At work on Dean's records
 
The next morning I shipped the first five boxes of Dean's records from a UPS store in Santa Fe, and drove back to Dean and Marianne's to pack the very last material into the SUV. By noon I was back at the Guadalupe UPS unloading twenty-five more 30-pound boxes for shipment.
 
Our next stop was up Hyde Park Road to the home of Mary Ann Lundy, who had gathered records of the church-wide response to the 1993 Re-Imagining Conference. Mary Ann had been director of the PC(USA) Women's Ministry Unit for seven years when a campaign of character assassination following in the wake of the 1993 feminist theology conference led to her ouster. As with Dean, I urged Mary Ann to speak while I sorted papers, and our description of the thirty-four boxes I packed is all the richer for it.
 
Mary Ann Lundy and John Paul II circa 1990s, Accession 18-0203 Mary Ann Lundy papers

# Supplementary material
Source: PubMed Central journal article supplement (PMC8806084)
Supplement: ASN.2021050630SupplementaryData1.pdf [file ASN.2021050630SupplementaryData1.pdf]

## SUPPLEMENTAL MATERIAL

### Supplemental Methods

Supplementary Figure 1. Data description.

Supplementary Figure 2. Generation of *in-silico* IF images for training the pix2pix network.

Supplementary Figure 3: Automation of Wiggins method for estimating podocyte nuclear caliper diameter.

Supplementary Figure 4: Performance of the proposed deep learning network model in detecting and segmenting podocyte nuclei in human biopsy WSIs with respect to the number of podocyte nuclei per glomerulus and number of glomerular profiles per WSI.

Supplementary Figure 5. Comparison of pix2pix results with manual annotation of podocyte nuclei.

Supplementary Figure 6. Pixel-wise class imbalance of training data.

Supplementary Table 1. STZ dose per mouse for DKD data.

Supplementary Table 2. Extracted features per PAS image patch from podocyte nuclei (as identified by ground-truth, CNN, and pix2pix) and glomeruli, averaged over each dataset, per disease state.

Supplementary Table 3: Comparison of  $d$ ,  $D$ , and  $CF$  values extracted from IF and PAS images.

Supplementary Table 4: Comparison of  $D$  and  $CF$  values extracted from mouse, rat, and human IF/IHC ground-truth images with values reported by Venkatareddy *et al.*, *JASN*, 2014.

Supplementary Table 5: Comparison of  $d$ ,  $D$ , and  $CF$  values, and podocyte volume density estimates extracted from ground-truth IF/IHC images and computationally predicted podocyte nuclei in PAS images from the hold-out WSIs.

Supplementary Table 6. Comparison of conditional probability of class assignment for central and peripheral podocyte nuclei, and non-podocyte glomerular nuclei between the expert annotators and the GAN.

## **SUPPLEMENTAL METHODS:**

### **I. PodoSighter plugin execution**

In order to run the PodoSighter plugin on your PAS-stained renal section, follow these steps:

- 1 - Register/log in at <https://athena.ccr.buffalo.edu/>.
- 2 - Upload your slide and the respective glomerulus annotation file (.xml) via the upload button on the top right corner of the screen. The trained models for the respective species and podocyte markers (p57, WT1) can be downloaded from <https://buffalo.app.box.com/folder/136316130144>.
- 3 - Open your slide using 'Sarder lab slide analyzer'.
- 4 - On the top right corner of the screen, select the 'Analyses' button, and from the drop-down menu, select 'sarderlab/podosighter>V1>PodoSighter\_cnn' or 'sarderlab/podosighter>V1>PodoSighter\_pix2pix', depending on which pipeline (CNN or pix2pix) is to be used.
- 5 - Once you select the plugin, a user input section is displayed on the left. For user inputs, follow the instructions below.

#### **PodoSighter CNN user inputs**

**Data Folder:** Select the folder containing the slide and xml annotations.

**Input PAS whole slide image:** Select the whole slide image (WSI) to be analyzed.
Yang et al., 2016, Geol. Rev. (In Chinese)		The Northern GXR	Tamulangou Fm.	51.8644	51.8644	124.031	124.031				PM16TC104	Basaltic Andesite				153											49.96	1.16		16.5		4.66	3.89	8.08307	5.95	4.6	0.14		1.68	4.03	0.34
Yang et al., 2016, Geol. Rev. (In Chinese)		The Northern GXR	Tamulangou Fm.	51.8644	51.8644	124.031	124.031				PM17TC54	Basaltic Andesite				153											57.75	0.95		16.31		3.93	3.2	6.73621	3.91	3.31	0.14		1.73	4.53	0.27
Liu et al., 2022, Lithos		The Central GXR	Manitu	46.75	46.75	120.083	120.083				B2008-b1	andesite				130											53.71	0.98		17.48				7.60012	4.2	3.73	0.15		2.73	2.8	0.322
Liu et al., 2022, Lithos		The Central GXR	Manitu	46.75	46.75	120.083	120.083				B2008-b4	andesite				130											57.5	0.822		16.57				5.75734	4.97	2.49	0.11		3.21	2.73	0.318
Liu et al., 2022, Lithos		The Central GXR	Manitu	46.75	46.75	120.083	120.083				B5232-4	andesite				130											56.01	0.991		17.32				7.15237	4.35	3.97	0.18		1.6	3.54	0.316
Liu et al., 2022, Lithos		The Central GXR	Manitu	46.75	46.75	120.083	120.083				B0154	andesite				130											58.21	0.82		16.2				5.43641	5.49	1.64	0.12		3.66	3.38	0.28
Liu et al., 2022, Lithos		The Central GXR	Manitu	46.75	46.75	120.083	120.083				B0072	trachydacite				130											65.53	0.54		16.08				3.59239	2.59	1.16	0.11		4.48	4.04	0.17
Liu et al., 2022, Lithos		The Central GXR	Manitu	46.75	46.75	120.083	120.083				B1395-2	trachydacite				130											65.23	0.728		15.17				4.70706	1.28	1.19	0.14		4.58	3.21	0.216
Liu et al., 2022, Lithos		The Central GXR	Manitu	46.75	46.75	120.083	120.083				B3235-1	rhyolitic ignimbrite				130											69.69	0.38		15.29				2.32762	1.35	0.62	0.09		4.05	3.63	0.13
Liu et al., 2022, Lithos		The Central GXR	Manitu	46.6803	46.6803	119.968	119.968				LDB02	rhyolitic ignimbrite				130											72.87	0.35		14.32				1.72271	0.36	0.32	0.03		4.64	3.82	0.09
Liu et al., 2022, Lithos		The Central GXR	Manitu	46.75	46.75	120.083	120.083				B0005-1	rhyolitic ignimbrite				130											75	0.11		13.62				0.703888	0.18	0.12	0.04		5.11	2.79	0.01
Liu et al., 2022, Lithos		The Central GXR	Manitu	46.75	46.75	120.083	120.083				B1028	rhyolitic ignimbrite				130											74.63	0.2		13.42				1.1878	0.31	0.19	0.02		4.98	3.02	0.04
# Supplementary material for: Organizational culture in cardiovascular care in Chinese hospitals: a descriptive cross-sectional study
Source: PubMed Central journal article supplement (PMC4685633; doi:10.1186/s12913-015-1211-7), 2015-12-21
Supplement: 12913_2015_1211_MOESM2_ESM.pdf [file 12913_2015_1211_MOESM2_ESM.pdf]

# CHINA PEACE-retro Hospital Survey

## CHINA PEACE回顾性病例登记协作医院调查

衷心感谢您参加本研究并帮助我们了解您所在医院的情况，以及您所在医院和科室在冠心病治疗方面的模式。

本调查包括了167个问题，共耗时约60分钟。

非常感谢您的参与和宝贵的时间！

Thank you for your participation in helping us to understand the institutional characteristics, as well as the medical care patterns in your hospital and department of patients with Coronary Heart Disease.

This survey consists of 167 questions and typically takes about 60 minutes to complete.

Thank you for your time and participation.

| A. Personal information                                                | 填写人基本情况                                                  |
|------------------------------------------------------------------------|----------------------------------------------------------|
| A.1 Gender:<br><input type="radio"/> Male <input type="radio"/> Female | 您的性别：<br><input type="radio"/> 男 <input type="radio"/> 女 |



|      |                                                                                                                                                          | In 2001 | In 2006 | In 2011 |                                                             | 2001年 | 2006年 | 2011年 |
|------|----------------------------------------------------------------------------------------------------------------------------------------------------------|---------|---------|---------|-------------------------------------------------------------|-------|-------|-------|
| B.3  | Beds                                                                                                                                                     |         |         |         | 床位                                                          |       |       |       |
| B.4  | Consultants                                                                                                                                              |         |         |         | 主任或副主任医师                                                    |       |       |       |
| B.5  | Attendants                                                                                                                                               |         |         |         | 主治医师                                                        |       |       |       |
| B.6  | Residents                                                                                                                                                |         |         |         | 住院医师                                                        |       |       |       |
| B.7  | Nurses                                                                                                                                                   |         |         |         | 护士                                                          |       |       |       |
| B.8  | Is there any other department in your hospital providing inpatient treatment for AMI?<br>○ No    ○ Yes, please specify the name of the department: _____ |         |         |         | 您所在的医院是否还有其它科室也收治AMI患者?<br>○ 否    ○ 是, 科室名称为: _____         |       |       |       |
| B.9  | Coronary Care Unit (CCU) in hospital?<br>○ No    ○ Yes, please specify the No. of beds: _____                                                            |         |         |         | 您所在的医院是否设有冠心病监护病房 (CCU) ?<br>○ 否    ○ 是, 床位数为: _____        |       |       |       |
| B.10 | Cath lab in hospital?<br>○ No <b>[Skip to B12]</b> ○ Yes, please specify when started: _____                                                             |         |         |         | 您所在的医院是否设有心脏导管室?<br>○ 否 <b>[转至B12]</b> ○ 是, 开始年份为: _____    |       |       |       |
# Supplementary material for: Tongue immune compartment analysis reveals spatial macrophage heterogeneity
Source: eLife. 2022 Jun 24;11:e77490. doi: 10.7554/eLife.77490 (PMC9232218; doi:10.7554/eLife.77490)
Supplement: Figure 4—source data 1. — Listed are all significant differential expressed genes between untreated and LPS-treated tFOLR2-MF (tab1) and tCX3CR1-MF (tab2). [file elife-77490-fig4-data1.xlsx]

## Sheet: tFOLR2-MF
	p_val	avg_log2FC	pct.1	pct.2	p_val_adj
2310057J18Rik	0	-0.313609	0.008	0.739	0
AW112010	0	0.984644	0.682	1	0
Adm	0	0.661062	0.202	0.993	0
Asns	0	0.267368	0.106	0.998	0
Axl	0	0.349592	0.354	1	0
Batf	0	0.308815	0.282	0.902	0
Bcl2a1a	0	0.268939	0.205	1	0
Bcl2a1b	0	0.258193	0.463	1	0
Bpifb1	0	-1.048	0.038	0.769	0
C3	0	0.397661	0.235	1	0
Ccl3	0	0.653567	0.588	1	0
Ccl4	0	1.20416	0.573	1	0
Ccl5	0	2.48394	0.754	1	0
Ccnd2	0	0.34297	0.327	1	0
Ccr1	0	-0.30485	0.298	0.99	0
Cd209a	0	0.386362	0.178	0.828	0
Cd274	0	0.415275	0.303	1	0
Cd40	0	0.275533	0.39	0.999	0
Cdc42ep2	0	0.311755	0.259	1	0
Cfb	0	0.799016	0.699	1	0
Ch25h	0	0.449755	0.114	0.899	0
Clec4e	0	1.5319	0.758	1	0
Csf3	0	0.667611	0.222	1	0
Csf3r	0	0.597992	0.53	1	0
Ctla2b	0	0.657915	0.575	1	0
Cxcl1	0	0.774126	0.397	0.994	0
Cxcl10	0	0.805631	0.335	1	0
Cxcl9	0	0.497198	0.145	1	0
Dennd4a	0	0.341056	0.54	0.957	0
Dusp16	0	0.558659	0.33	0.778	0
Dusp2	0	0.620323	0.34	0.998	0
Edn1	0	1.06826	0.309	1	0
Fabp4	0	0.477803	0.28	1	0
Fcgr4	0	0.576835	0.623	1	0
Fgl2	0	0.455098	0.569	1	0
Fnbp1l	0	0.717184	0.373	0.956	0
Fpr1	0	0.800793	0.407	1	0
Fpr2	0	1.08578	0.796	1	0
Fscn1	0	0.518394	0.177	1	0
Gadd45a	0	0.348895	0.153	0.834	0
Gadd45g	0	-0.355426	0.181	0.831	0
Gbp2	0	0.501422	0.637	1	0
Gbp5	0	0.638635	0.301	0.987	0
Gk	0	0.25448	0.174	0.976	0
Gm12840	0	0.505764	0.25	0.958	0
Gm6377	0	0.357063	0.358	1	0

By 4pm I was on the road to Albuquerque, with Mary Ann's papers and my supplies in the back of the vehicle. Our generous partners in the Presbytery of Santa Fe gave us time before their presbytery meeting to deliver a workshop on record-keeping. I spoke at Covenant Presbyterian Church with clerks of session and other interested parties, including volunteers from the Menaul Historical Library, until about 9:30. I had five minutes on the floor of presbytery the next morning, and I got to see the Presbytery's new design for a banner commemorating the Belhar Confession. By 2 pm I had sent the last of our New Mexico records off from an Albuquerque UPS, and was ready to soak in a bath and watch college basketball on my hotel room tv.
 
Presbytery of Santa Fe's Belhar Confession banner
 
New Mexico contains a dense network of Presbyterians who've served national agencies and ecumenical bodies, taught at schools and seminaries, and served as mission workers. They have sheltered people in migration, been under house arrest, been expelled by national governments, and worked for civil rights and religious liberty. I was asked when I came home to Philadelphia about the awesome landscape of New Mexico. What most holds me in awe about the state is not some high-desert vista, but its humanity.